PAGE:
A brief announcement by the BCCI to felicitate the 1971 Ajit Wadekar-led teams in the best possible way would make each and every player involved in those victories feel good
India’s Abid Ali is carried by joyous fans after he scored the winning run against England at the Oval in 1971. Pic/Getty Images
The year 2021 provides the BCCI a golden opportunity to celebrate 50 years of the 1971 Test series victories over West Indies and England in their respective dens.
As of now, we haven’t heard of any plans but I can hear the Board supporters chanting, “don’t jump the gun. The BCCI will not be so insensitive not to mark the occasion.” Point taken, but the track record of the cricket establishment is a poor one when it comes to celebrating landmark anniversaries.
Nothing was done to mark 50 years of India’s first-ever overseas series win — in New Zealand in 1968 when India won 3-1. Only Mahendra Singh Dhoni’s 2008-09 outfit have been able to win a Test series in New Zealand apart from MAK Pataudi’s team. And if that was no good reason to classify that triumph as special, the fact that it came close on the heels of a 0-4 thrashing in the Australia summer of 1967-68 should have counted for something.
The birth centenary of Vinoo Mankad in 2017 too did not move the Board to do anything to honour the man. The men in power cannot say that they were not informed about the anniversary of India’s finest spin bowling all-rounder.
They were. Ramachandra Guha, who was part of the Committee of Administrators (CoA), wrote to BCCI CEO Rahul Johri on receiving a text message from fellow cricket lover Makarand Waingankar about Mankad’s approaching birth centenary.
Before ending the email (which is reproduced in Guha’s The Commonwealth of Cricket) with the words, “I strongly urge the BCCI to commemorate his [Mankad] centenary in some proper and fitting way,” Guha stressed on Mankad’s achievements. And in profound fashion, he added: “Without Mankad there would have been no Gavaskar or Kapil Dev, no Kohli or Ashwin either. He showed the way to them.”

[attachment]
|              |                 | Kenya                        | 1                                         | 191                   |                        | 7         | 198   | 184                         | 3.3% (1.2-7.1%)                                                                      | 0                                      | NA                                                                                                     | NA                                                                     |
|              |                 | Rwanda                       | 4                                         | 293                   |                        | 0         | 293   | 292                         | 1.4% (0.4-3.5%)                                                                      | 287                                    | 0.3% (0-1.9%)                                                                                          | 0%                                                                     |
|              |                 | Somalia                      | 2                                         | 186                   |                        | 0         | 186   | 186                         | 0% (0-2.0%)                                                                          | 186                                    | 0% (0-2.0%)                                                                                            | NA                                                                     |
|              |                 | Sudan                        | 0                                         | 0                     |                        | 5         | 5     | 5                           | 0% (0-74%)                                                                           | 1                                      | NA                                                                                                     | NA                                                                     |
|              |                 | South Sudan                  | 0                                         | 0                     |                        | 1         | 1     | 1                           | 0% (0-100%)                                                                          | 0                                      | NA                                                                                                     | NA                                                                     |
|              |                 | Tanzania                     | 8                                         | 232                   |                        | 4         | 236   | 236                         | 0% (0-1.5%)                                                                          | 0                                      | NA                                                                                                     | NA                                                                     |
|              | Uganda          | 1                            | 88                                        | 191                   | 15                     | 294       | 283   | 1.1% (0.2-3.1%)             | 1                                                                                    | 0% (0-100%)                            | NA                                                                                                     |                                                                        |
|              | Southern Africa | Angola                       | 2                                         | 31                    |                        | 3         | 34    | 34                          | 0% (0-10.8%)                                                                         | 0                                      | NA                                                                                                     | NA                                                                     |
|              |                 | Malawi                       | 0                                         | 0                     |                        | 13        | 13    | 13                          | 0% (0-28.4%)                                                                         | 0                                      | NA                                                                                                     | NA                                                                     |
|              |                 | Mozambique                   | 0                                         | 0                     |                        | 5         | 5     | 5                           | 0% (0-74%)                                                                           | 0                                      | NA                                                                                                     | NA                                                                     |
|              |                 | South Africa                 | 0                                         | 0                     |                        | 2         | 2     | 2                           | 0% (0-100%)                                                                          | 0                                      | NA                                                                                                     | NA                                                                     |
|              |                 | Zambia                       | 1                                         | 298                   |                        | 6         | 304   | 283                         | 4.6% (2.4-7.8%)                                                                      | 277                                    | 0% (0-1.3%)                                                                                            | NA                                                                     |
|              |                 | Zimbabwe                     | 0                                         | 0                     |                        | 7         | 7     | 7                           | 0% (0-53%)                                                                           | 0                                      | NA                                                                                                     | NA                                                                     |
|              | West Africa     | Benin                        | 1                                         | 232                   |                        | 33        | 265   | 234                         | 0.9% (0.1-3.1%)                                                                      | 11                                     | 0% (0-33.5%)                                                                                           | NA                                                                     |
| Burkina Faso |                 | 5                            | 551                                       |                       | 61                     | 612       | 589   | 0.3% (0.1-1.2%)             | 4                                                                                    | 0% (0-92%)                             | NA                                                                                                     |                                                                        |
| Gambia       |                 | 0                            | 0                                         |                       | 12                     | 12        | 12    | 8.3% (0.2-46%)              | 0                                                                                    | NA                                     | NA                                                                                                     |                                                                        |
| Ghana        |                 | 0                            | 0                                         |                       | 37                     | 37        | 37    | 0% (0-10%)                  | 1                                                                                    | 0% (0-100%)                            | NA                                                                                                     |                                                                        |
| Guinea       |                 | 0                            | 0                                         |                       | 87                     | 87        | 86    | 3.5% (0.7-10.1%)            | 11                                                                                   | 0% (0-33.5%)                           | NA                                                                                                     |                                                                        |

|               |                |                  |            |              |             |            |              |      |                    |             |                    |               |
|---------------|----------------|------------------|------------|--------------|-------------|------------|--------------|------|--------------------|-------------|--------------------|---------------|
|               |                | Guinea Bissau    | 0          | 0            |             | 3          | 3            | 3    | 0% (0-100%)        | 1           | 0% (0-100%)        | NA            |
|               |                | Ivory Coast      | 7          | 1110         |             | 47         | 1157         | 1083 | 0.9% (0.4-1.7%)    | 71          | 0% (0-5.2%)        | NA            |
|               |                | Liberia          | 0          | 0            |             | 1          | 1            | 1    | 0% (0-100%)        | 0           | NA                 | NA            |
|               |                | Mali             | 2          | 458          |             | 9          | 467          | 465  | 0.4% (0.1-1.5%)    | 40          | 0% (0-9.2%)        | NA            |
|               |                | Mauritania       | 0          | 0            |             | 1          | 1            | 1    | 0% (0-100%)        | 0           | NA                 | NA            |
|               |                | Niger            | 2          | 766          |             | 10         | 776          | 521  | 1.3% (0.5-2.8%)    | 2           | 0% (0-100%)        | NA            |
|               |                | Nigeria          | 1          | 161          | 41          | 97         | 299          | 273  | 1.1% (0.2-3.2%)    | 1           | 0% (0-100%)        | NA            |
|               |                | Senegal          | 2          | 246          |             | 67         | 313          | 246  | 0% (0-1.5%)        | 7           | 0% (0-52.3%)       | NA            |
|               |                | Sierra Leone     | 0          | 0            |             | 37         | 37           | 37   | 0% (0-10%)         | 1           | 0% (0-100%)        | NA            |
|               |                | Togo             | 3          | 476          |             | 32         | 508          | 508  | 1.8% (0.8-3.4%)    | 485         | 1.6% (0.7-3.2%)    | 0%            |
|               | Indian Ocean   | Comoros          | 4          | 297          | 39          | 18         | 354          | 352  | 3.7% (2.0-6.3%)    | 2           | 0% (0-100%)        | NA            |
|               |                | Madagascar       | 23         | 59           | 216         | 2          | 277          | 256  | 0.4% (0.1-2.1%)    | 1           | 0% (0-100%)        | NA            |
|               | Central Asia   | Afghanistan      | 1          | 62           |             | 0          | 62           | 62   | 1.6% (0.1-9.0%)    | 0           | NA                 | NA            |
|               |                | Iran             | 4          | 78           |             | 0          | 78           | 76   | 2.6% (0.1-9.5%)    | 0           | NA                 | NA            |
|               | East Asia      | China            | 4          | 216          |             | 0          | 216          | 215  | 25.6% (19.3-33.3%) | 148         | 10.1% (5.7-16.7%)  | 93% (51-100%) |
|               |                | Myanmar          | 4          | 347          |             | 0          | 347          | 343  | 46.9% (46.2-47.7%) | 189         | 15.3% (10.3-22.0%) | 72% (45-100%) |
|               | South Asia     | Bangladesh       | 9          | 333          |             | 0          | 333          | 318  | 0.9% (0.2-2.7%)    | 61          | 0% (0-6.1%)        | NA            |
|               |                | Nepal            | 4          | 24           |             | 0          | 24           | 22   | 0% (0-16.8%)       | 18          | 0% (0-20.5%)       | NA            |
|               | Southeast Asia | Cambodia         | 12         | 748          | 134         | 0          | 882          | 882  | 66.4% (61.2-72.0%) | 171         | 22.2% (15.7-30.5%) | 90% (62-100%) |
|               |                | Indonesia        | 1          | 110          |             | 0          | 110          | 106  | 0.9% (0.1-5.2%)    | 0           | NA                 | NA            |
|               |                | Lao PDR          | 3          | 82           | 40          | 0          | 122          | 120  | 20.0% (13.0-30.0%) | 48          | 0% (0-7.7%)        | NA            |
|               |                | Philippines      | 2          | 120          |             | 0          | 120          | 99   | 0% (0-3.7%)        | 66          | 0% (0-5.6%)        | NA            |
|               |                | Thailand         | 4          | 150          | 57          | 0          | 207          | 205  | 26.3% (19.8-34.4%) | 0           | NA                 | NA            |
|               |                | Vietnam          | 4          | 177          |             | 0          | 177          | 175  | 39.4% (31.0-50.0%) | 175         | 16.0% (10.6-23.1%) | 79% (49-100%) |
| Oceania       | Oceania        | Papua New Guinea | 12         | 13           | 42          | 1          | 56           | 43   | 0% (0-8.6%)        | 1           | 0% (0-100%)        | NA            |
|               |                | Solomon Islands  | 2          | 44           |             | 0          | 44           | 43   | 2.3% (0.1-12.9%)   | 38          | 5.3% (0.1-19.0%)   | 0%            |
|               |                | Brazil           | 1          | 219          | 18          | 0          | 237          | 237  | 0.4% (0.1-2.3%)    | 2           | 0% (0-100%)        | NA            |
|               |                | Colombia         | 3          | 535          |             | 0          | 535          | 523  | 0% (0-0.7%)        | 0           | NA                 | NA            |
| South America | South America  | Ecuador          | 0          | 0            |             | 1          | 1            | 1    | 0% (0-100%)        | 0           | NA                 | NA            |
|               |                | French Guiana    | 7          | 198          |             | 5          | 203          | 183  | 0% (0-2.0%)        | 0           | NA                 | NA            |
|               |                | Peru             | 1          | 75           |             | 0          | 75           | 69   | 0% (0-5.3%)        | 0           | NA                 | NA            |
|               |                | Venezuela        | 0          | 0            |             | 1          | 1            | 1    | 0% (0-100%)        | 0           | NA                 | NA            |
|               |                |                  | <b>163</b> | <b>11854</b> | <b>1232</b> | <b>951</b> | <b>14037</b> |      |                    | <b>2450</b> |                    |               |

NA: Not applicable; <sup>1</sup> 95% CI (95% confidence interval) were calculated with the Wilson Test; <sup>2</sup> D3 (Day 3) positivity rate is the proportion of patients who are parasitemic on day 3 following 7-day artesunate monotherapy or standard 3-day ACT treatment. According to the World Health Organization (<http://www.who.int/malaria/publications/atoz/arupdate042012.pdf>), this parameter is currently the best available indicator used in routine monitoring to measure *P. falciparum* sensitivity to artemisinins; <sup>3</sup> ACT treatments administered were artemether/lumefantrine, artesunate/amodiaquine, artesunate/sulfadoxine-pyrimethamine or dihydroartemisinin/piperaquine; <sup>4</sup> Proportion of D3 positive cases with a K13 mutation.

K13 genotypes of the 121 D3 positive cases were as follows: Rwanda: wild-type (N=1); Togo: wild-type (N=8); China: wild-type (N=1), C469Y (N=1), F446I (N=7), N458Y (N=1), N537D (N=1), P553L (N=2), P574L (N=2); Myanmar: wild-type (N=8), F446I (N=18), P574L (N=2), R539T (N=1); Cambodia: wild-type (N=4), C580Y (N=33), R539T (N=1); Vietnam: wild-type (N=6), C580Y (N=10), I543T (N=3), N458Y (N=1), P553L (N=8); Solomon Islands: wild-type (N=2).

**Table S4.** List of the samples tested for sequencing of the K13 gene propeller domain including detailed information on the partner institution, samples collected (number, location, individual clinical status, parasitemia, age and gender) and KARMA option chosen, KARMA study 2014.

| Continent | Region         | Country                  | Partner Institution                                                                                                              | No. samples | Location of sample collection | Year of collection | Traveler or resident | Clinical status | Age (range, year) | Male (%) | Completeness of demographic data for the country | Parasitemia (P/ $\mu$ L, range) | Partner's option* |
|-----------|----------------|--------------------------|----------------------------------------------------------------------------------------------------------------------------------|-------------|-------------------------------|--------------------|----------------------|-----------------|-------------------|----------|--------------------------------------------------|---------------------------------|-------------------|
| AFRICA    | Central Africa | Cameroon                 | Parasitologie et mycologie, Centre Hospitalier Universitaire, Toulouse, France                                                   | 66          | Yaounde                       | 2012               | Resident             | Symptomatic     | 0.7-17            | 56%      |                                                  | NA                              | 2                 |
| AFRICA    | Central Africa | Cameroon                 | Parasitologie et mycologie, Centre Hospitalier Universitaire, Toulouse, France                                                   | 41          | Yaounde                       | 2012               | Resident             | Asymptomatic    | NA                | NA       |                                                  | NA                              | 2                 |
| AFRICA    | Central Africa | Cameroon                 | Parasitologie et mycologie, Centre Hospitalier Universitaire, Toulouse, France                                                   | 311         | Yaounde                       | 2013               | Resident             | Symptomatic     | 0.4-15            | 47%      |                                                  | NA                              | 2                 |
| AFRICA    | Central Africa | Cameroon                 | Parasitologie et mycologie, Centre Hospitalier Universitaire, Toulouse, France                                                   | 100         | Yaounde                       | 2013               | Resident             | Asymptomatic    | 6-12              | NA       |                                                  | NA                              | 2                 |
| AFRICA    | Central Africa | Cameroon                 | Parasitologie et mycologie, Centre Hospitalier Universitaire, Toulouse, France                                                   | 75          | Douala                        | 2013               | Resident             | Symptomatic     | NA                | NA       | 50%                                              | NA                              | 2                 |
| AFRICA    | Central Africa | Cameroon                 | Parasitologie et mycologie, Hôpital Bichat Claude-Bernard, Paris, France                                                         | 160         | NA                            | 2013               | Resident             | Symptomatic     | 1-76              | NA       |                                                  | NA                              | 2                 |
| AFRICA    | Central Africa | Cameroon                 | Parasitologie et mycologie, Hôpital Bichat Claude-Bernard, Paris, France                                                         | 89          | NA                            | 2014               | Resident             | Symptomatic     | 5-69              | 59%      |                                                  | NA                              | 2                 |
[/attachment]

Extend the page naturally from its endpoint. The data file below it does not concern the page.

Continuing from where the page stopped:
Back to the 1971 heroes. Probably, some influential administrators may have discussed a celebration. But a brief announcement of plans to felicitate the teams in the best possible way would make each and every player involved in those victories, feel good.
In these COVID-19 times it is hard to imagine a grand felicitation with all the players and the family members of the departed ones in attendance. But a lot can be done online and virtually with the respective state associations getting involved.
The BCCI could even commission a documentary on the two wins. Indeed, there is no shortage of information and stories. Kolkata-based writers Boria Majumdar and Gautam Bhattacharya have got together to write a book on the wins while Mumbai-based cricket enthusiast Sachin Bajaj and writer-presenter Nishad Pai Vaidya are working on an anecdotal book, which covers both the triumphant tours.
I’m pretty sure these two publications will complement the two books deceased sports journalist Sunder Rajan wrote for Jaico Books following the triumphs and My Cricketing Years by Ajit Wadekar. The most enjoyable rewarding material on the 1971 tours emerged from Sunil Gavaskar’s Sunny Days, which had tales of adventure, grit and even humour.